Anvil journal of theology and mission
Lisa Spriggens and Tim Meadowcraft, Eds., Practicing Faith: Theology and Social Vocation in Conversation, (Eugene, Oregon: Pickwick Publications, 2022)
reviewed by Rosie Hopley, CMS MA student
Practicing Faith: Theology and Social Vocation in Conversation is a deep and rich read. This is a book composed of thirteen essays tackling topics including friendship, trauma and holding hope, hatred expressed in the Psalms, food in sacred spaces, compassion, hospitality, guesting and hosting, risk and vulnerability, grief and loss, among several other wide ranging conversations within the context of theology and vocation.
The collection of essays and response articles arose from a conference, Whakawhiti Korero, held in 2018, which brought together thinkers and practitioners of differing areas of scholarship. Lisa Spriggens and Tim Meadowcraft, the text’s editors, continued the discourse and the book “reflects a slice of that conversation” (p. xviii). What is contained in each chapter reflects the conference’s original intent, as expressed in Māori, that the time spent together, ideas and conversations facilitated a “speaking together” (p. xvii).
How do therapists and practitioners integrate their own faith with their vocational work? Set in five themes exploring wellbeing, formation, hospitality, therapy and theology, the writers follow a format of conversations between social vocation and theology. This book sets out to offer multiple examples from the writers’ own practice, and thoughtful, reflective discussion. Engagement with Scripture weaves through each section, helping the reader to anchor ideas and practice, and their own reflections, with the work of scholars, historians, social scientists and other academics. Examples of scriptural examination and reflections included Jonathan Rivett Robinson’s engagement with Mark 7, and the possible use of humour when Jesus met the Syrophonecian woman (p. 129), Richard Neville’s exploration of the incidence of emotions through the Psalms (pp. 224–226) and Sarah Penwarden’s explorations of lament, depths and range of grief and reflections on Holy Saturday.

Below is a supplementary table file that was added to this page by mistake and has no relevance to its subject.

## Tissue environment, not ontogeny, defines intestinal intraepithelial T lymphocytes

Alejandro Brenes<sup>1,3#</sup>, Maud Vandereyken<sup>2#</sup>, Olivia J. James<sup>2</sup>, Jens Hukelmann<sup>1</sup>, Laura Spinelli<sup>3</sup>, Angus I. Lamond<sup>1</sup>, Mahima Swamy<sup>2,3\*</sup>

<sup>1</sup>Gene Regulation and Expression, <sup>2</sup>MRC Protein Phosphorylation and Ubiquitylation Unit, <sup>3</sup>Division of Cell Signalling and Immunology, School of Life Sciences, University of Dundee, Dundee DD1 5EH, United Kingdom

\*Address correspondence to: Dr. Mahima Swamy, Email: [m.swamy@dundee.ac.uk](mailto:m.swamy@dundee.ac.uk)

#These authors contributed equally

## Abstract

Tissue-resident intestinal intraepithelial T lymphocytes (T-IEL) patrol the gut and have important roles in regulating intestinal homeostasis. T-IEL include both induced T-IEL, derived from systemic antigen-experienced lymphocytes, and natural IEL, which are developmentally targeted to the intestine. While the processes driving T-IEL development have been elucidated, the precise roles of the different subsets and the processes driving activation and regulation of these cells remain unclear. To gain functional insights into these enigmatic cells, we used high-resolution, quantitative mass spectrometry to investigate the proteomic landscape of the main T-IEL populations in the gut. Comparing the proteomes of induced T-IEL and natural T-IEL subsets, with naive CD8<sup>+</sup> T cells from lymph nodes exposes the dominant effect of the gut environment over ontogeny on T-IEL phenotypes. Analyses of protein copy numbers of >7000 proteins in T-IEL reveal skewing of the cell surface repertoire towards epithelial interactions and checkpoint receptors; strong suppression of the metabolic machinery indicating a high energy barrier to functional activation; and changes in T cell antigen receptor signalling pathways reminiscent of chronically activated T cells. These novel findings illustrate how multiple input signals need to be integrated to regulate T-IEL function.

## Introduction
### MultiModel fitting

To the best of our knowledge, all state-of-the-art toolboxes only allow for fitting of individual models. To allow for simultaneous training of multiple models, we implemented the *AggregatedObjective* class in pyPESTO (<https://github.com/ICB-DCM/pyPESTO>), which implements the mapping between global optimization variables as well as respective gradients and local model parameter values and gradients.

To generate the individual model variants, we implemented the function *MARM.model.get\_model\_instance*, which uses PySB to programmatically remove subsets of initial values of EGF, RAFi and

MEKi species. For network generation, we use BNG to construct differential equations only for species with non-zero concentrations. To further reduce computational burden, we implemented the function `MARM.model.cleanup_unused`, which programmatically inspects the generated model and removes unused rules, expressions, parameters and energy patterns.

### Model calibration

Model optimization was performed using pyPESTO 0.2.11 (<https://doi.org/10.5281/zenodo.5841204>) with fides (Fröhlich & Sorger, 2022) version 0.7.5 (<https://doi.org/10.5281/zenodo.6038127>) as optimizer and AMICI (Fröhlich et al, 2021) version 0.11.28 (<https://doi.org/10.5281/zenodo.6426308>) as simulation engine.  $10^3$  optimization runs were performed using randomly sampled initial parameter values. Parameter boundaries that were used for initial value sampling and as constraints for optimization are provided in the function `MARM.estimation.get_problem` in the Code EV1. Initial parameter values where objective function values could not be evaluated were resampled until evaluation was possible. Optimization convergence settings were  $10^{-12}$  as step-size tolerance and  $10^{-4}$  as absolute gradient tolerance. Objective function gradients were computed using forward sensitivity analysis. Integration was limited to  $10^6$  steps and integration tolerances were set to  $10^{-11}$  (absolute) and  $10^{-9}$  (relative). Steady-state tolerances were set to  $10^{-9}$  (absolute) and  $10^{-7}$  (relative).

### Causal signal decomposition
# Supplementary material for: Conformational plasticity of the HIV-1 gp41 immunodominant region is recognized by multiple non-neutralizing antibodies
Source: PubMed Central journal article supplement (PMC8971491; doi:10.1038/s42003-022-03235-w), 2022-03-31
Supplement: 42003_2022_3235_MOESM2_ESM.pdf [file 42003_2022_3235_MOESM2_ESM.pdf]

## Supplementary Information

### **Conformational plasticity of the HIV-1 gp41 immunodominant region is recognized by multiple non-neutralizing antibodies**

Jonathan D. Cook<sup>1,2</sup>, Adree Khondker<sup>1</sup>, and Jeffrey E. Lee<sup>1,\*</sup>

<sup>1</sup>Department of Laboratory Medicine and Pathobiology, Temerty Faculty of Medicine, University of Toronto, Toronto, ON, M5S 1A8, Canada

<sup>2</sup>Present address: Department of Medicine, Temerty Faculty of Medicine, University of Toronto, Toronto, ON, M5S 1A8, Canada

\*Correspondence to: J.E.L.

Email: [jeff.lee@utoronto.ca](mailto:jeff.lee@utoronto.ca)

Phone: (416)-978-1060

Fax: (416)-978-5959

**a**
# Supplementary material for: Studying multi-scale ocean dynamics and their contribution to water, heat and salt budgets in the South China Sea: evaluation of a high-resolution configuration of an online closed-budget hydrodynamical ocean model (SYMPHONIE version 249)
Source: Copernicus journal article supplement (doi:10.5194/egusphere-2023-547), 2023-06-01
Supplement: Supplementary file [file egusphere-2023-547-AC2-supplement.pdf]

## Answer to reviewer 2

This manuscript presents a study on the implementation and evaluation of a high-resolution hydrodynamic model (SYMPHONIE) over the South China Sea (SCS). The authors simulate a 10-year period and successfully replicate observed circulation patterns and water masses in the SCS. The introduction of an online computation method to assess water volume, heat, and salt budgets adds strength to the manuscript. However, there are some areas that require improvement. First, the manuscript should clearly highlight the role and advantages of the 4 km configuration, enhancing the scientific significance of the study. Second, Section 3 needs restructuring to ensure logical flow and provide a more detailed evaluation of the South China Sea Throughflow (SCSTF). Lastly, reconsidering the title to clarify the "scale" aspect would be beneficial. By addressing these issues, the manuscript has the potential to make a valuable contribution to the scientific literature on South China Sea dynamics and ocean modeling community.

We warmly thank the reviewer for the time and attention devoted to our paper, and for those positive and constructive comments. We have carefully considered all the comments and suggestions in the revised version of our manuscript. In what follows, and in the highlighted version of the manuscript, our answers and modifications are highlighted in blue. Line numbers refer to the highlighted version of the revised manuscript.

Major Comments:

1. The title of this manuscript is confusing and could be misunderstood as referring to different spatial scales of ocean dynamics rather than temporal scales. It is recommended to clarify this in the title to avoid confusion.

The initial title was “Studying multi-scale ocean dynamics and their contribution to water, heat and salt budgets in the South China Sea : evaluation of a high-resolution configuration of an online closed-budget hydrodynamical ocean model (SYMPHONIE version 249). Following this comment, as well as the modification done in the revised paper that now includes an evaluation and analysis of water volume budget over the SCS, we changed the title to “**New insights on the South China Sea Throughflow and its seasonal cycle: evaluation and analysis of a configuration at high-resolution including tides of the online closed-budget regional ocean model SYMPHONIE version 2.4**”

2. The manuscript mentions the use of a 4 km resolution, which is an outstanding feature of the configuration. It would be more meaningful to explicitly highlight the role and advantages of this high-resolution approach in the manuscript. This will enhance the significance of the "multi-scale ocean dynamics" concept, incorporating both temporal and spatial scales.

I particularly enjoyed the response after each section, as each essay is briefly responded to, engaged with, and critiqued.
A highlight was Ryan Lang’s chapter “A Song in the Night: A reflection on Singing in Scripture and Social Vocation”. If this were the only essay, with the corresponding response from Jonathan Rivett Robinson, it would be worth the purchase of the book, although the other essays are excellent too. What resonated for me as a reader is how Lang succeeded in fusing our understanding of singing with the mission of Jesus, how song was prevalent after the Israelites were delivered from slavery, and the relevance of our own song. Lang explores singing in suffering and brings useful insight to those who grapple with how to sing in the midst of the darkest of night, in the midst of trials. Lang brings a compelling argument, and encouragement too.
This is a book that will be helpful for practitioners, theologians and students, indeed anyone seeking to further their understanding of practical theology. In particular, counsellors seeking growth, church leaders exploring the importance of friendship in their own spiritual flourishing, counsellors working with survivors of sexual violence and those working with aged care would do well to pay attention to this book.
For anyone who wants to think about how theology and social vocation can be intertwined, enrich one another (p. 250) and be integrated (p. 253) I would recommend exploring this text. Students and scholars will find thought provoking essays, and the response pieces after each section bring an added dimension and are especially helpful as examples of generous, humble scholarly engagement.